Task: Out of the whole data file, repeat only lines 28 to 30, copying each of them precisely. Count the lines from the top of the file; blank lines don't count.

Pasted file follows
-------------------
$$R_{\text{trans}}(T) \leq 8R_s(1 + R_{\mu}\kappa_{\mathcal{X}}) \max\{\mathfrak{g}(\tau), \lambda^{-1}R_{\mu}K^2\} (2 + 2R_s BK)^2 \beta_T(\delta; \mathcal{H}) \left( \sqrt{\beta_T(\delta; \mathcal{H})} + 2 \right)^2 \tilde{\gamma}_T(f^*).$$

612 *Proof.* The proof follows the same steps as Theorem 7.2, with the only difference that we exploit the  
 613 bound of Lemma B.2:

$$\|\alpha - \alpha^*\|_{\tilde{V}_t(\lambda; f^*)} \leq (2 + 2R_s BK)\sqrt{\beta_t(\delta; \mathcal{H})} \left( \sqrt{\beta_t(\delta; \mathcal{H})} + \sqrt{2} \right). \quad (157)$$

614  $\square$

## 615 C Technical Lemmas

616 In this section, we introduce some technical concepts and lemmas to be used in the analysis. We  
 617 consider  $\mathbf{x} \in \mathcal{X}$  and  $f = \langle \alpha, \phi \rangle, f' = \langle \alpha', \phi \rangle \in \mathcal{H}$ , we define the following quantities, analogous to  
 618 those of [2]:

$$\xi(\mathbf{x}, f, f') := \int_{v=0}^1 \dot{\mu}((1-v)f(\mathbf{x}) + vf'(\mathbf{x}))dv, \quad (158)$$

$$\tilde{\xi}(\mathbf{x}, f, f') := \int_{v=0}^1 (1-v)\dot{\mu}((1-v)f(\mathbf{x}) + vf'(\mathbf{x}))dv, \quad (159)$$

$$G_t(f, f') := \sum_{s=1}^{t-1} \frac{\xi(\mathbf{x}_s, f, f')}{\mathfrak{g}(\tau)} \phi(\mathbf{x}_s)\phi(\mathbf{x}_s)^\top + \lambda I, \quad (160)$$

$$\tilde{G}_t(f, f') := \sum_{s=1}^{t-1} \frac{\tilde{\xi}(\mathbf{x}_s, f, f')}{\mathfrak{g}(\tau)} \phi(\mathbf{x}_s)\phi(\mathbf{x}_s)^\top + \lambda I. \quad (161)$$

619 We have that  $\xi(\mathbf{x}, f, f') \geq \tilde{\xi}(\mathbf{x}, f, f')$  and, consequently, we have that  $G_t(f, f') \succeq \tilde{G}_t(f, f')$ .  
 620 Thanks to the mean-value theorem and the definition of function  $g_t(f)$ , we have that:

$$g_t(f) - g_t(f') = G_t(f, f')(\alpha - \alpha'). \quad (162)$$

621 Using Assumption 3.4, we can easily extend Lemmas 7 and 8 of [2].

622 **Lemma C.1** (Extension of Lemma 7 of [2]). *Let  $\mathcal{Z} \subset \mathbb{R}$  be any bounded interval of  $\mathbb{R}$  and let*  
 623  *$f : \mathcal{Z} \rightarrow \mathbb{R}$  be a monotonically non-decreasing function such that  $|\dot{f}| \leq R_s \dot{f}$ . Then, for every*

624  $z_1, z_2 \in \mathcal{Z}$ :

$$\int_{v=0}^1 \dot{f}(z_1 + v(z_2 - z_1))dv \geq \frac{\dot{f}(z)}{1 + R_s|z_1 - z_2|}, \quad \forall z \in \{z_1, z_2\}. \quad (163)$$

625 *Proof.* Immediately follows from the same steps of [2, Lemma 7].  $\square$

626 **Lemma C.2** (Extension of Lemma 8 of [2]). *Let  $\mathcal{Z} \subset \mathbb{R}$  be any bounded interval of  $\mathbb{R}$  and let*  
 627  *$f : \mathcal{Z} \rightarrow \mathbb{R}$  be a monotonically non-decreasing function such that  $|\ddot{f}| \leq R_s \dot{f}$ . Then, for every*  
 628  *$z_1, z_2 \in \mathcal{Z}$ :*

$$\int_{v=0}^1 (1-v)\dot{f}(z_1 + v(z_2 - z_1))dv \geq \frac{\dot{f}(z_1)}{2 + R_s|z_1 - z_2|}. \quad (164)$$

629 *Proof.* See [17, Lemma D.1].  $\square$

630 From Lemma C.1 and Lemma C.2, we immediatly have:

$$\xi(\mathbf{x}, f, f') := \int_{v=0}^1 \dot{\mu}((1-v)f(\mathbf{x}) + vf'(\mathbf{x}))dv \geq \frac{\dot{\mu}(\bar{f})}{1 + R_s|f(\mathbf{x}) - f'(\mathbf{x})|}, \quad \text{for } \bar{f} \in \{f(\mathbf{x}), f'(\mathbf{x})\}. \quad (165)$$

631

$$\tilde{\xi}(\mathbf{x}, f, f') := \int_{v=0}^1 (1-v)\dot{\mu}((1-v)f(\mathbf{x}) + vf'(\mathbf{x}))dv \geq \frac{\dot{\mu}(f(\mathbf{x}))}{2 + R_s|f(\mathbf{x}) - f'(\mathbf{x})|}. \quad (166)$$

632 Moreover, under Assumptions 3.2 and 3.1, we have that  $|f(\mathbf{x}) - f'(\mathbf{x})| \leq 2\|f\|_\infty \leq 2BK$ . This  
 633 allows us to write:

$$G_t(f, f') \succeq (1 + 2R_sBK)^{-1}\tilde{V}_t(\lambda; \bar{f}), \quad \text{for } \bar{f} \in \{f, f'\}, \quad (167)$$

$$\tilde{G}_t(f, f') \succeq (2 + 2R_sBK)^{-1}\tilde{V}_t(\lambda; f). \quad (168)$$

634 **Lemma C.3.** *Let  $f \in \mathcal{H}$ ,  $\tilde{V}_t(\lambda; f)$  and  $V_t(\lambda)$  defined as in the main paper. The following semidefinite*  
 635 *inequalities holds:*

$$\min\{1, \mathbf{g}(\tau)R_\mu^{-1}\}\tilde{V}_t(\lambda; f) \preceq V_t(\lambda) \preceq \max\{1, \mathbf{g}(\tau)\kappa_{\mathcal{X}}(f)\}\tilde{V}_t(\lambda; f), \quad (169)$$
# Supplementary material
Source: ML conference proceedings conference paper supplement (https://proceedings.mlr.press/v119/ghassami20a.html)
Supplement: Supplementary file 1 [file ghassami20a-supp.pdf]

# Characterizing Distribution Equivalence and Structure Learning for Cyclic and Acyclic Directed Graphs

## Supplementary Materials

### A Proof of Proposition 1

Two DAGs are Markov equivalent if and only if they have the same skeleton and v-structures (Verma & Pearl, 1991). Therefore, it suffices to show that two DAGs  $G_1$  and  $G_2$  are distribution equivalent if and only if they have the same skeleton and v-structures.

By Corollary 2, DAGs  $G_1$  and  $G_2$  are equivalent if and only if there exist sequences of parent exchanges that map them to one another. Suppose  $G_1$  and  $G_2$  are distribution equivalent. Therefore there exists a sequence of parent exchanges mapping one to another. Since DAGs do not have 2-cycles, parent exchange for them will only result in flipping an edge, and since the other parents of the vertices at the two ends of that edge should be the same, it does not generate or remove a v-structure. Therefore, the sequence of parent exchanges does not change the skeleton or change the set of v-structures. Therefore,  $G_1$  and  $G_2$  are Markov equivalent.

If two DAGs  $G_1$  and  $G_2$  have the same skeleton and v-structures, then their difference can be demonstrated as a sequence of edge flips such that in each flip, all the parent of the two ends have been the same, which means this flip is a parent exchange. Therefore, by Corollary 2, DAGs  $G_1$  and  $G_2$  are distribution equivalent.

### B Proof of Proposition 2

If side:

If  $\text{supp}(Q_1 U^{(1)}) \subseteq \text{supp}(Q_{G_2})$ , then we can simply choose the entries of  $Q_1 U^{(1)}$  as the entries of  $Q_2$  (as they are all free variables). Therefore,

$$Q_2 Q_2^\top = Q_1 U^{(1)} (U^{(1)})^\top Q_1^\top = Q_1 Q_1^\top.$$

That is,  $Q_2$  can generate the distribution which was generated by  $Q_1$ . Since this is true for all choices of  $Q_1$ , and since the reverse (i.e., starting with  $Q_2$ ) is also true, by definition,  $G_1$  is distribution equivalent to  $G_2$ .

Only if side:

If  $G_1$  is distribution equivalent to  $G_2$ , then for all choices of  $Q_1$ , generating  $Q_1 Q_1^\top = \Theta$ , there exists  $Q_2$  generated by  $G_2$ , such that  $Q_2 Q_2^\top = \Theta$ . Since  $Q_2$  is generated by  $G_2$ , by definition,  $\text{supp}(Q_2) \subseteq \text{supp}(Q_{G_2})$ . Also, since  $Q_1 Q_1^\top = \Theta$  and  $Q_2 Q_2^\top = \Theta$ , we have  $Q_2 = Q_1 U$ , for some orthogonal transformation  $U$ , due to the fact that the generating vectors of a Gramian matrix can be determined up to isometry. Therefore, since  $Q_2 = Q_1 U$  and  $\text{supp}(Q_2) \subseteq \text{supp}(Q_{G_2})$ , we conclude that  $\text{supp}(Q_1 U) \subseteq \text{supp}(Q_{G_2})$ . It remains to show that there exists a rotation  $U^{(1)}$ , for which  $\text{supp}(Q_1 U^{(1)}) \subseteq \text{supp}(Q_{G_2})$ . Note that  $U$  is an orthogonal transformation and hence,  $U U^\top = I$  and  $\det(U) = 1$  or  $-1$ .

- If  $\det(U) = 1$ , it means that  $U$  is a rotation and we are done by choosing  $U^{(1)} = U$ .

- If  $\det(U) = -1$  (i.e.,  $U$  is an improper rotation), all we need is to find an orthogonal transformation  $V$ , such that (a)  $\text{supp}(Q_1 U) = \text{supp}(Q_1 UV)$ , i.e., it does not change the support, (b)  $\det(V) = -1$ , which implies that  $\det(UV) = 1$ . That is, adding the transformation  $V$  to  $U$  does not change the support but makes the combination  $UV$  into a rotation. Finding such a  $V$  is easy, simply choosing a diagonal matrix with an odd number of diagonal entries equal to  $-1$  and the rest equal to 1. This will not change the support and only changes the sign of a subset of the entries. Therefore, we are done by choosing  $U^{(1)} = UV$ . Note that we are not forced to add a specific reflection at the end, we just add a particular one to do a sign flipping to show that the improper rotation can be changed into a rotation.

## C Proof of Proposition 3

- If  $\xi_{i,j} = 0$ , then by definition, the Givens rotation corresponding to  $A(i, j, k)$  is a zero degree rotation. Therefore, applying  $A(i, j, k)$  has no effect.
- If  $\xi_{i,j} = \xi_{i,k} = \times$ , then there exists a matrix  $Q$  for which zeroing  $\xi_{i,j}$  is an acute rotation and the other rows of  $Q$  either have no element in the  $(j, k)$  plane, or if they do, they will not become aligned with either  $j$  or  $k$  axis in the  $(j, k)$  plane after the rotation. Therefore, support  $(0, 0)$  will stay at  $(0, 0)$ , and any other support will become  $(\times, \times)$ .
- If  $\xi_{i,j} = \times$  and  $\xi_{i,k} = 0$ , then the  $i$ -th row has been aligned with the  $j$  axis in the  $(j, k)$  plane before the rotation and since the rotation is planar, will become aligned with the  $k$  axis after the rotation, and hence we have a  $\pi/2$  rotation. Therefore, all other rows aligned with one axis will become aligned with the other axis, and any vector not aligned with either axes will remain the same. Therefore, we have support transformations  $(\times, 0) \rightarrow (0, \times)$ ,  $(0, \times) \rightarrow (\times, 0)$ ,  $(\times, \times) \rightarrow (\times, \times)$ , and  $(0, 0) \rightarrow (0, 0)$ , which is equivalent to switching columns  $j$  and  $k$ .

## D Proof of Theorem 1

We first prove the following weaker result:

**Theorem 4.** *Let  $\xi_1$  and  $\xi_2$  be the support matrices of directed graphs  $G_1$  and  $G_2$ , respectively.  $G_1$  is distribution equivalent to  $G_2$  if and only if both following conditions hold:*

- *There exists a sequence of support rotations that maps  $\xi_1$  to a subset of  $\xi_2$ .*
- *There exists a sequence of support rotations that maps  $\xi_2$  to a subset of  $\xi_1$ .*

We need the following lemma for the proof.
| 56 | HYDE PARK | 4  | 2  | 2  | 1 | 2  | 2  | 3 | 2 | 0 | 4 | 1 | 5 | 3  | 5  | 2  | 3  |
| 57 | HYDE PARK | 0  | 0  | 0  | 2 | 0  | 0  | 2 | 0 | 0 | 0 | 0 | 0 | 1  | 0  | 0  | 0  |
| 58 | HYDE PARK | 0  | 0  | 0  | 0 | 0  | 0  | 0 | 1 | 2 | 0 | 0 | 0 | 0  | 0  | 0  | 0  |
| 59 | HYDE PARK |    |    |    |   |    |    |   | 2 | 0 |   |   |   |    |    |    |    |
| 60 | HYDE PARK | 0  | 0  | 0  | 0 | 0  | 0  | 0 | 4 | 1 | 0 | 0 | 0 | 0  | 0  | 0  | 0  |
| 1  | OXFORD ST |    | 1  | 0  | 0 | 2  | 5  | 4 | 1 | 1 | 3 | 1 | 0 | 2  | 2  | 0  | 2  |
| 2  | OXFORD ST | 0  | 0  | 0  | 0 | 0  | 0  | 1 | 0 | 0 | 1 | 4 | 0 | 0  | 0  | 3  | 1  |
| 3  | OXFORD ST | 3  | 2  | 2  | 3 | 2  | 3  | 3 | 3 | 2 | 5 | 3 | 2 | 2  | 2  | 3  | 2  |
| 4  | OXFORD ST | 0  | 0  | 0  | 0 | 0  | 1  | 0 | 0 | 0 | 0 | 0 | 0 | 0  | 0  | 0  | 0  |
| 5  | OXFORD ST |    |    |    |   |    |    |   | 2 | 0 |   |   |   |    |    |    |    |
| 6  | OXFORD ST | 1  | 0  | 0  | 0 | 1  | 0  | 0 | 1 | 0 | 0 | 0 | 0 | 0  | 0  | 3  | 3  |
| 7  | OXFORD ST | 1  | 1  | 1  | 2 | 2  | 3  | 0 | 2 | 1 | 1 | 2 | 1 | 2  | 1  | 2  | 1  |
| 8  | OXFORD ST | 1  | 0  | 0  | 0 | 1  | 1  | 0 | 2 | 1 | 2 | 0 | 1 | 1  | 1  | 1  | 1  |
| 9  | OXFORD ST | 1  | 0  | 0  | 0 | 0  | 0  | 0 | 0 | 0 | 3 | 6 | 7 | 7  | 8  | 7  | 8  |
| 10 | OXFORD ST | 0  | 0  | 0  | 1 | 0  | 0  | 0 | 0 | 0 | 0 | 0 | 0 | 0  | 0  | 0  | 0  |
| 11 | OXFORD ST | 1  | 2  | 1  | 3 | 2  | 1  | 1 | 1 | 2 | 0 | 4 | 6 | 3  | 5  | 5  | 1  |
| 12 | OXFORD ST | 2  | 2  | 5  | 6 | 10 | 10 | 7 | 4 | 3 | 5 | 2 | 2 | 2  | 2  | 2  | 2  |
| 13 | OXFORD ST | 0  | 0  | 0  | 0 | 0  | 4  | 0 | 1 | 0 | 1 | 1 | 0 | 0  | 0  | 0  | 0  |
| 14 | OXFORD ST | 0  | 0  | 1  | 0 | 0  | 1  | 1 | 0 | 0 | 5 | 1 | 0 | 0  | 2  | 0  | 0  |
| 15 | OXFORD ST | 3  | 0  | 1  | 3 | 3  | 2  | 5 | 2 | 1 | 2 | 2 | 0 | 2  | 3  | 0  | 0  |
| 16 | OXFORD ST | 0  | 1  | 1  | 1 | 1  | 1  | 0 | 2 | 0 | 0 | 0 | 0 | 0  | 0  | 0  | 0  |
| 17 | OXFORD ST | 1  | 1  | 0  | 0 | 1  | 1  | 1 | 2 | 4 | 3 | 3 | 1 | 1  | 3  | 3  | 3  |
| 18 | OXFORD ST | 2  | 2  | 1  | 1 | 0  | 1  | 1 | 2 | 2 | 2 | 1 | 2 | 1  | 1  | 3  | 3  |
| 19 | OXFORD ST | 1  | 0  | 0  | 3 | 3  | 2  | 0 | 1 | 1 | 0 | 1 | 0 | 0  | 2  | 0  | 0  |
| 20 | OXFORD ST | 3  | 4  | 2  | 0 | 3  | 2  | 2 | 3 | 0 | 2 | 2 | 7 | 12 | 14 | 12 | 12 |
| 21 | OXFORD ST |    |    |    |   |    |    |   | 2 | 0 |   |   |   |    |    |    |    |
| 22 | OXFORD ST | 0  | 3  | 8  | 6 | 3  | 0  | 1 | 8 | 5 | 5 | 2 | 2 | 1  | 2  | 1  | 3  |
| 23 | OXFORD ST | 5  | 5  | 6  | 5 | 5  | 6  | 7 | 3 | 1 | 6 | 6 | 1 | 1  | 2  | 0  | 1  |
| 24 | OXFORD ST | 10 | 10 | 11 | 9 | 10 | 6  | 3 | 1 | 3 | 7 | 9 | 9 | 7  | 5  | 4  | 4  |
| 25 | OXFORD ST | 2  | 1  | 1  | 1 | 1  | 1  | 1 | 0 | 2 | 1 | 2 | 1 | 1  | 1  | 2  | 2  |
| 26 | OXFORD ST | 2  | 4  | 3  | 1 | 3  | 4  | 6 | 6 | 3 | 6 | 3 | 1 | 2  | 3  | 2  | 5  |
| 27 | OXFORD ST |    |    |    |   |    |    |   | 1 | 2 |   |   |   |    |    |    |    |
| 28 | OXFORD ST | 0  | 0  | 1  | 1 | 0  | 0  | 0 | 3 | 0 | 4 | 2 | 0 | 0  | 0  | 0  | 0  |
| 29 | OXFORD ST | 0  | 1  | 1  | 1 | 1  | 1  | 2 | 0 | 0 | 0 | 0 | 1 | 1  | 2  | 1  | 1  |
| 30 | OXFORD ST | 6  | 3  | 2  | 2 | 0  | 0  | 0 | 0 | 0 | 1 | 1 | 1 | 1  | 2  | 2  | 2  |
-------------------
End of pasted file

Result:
630 From Lemma C.1 and Lemma C.2, we immediatly have:

$$\xi(\mathbf{x}, f, f') := \int_{v=0}^1 \dot{\mu}((1-v)f(\mathbf{x}) + vf'(\mathbf{x}))dv \geq \frac{\dot{\mu}(\bar{f})}{1 + R_s|f(\mathbf{x}) - f'(\mathbf{x})|}, \quad \text{for } \bar{f} \in \{f(\mathbf{x}), f'(\mathbf{x})\}. \quad (165)$$

631